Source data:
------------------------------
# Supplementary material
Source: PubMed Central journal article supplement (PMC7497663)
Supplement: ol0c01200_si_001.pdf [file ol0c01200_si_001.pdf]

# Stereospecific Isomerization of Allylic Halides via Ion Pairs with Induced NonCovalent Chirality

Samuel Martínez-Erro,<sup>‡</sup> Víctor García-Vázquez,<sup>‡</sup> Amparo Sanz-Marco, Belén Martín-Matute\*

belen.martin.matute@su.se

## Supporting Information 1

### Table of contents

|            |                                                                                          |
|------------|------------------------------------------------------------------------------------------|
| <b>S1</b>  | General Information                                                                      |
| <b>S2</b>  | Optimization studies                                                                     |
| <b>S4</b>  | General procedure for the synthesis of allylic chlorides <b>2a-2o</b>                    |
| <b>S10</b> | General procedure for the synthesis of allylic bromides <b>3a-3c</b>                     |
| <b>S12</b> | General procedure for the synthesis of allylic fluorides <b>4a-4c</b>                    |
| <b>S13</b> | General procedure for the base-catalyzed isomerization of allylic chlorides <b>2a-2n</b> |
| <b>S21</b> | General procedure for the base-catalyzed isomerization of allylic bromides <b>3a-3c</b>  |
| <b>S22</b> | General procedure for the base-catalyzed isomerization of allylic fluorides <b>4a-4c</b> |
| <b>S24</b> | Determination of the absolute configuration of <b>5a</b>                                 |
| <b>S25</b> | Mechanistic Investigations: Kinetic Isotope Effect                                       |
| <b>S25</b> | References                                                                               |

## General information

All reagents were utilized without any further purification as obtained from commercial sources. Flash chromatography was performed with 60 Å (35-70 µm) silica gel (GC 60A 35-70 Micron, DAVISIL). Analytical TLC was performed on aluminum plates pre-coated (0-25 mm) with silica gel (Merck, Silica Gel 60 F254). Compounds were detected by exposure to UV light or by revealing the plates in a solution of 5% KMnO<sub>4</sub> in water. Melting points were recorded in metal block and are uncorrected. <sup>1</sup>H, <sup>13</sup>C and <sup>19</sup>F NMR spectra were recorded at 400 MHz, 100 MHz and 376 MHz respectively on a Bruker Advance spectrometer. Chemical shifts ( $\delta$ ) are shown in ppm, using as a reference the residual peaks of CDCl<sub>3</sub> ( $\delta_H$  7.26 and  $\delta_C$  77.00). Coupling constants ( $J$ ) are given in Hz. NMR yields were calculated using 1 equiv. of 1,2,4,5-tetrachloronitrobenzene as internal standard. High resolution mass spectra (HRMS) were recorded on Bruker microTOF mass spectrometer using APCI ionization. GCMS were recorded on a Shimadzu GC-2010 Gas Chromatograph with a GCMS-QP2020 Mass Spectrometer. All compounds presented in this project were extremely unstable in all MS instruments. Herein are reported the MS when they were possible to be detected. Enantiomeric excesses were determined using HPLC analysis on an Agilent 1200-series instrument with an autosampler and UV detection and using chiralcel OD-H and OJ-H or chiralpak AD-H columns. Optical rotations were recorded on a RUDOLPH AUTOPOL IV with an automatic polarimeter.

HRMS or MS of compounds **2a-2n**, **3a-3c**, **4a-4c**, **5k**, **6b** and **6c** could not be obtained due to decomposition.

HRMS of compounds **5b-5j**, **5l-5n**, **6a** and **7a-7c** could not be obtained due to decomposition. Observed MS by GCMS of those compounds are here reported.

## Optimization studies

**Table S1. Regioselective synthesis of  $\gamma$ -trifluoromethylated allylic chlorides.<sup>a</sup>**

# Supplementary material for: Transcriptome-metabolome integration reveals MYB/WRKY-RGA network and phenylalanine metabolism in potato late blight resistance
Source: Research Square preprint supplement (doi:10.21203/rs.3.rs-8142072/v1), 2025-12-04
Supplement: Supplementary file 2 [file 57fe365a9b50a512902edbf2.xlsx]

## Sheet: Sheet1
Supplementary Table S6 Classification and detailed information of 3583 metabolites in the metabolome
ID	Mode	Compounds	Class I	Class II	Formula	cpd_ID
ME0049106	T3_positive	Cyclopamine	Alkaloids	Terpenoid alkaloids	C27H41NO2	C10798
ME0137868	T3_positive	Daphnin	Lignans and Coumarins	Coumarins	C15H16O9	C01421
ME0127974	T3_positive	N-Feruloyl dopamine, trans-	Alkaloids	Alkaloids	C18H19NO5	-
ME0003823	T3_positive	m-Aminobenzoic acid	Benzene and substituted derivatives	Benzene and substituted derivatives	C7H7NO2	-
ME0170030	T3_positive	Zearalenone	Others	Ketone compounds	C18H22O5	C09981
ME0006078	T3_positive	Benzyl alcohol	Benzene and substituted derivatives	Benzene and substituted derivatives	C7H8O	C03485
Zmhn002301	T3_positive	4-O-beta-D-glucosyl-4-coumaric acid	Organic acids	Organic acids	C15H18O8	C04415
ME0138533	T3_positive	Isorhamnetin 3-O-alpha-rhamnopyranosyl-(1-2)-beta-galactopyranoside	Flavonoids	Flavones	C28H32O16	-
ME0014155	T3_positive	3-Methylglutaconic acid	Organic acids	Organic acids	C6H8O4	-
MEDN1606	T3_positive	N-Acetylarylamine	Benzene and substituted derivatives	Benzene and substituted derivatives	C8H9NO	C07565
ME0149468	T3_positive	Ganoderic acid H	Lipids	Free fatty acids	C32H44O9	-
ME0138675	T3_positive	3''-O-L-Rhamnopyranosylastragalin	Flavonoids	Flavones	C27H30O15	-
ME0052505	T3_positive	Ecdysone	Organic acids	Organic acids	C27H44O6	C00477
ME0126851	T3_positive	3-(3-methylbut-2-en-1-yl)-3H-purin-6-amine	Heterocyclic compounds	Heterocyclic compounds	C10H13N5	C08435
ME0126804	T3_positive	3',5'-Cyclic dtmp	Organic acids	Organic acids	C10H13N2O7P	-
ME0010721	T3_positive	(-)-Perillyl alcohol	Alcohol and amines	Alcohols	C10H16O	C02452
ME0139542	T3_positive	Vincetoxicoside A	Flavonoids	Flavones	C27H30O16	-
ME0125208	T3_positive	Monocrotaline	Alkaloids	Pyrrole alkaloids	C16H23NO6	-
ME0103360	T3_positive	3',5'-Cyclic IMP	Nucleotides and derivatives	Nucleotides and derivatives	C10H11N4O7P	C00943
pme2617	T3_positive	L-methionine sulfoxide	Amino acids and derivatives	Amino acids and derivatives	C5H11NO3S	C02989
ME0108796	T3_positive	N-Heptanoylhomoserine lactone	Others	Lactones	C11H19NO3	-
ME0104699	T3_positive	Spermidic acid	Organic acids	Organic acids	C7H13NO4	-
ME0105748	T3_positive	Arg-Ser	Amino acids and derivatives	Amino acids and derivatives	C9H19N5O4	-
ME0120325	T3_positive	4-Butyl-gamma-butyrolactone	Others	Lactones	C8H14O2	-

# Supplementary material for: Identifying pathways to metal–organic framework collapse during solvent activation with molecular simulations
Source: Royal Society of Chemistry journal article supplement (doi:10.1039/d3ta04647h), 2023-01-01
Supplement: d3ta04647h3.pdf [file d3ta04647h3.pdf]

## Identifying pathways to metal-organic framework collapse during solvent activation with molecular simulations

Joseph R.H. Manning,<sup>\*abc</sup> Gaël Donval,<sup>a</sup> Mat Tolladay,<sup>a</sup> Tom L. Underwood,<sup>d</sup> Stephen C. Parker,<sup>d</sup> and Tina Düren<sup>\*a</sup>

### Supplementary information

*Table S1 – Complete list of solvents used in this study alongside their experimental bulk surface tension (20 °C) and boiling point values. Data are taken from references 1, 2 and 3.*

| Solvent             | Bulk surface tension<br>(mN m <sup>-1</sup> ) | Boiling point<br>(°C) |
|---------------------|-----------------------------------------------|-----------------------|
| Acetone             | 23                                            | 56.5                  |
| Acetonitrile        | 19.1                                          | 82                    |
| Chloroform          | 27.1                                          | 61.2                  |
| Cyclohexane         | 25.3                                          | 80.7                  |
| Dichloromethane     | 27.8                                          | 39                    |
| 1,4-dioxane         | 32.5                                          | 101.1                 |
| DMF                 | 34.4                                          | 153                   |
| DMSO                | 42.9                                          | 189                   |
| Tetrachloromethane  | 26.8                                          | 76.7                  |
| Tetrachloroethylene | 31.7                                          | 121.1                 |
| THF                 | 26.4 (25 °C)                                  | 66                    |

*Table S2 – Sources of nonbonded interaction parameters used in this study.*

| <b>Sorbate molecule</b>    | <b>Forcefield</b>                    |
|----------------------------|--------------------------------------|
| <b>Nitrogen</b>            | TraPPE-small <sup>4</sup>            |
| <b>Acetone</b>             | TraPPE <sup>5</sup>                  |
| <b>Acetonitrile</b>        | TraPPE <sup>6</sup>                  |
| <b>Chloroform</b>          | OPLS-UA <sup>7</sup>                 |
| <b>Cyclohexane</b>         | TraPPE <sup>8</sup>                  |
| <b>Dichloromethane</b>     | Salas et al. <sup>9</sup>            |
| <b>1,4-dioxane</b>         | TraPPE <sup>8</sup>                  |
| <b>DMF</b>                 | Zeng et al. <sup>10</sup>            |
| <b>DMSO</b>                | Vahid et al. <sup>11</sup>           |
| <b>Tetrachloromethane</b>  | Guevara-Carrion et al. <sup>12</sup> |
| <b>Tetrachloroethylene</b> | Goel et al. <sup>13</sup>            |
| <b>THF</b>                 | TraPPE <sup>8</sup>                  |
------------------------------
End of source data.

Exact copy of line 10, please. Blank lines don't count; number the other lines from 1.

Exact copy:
|------------|------------------------------------------------------------------------------------------|